RobotCar constantly monitors the road ahead to look for pedestrians, cars or anything that could pose a danger. If an obstacle is detected the vehicle comes to a controlled stop and waits until the obstacle has moved out of the way. Once clear the car simply accelerates and continues its journey.
There are three computers onboard. The iPad, the LLC (Low Level Controller) and the MVC (Main Vehicle Computer). The iPad runs the user interface and demands constant attention from the LLC. If any of these computers disagree the driver will not be able to start autonomous driving. If at any point there is a problem when the car is in control the human driver is prompted to take control, if they fail to do so the car is automatically brought to a stop.
The sensors and computers build up a three-dimensional map of the route. This is augmented by semantic information such as the location and type of road markings, traffic signs, traffic lights and lane information, as well as aerial images. Since such things can change, the system can also access the internet for updates. Only when the system has enough data and has been trained enough will it offer to drive the car.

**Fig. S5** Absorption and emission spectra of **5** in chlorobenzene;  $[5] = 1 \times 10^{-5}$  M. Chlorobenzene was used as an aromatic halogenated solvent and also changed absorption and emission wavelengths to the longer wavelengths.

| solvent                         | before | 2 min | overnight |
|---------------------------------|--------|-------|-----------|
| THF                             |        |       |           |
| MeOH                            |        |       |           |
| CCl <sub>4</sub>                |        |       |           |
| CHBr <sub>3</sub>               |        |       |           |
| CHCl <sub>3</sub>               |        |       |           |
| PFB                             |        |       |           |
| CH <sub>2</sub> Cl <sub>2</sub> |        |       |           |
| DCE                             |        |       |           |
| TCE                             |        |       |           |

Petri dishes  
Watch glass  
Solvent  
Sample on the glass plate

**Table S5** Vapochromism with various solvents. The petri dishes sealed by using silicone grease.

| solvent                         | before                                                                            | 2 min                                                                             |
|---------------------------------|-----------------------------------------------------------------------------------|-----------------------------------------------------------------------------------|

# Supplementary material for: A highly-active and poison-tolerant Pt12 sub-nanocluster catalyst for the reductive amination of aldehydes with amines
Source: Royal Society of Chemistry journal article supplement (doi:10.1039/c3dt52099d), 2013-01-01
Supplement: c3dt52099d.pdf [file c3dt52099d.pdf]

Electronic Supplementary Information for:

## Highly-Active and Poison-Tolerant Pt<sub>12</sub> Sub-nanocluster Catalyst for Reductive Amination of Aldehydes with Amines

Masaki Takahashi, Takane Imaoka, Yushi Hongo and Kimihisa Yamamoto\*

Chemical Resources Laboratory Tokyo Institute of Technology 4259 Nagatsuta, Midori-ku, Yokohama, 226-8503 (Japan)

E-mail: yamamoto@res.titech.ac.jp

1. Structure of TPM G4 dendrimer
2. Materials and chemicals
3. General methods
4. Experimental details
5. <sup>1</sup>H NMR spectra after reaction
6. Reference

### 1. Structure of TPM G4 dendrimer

They have modified the base Nissan LEAF systems to allow complete fly-by-wire control. Everything from the steering to the indicators can be manipulated by the main vehicle computer in the boot. RobotCar senses the world in two main ways. The first uses a pair of stereo cameras to assess the road and navigate, much like a human driver's eyes. The second is a little different and uses several lasers mounted around the vehicle. These sensors assess the 3D structure of world and also improve performance at night.
The MRG team sees an immediate future in production cars modified for autonomous driving only part of the time on frequently driven routes. They estimate that the cost of the system can be brought down from its current £5,000 ($7700) to only £100 (US$155).
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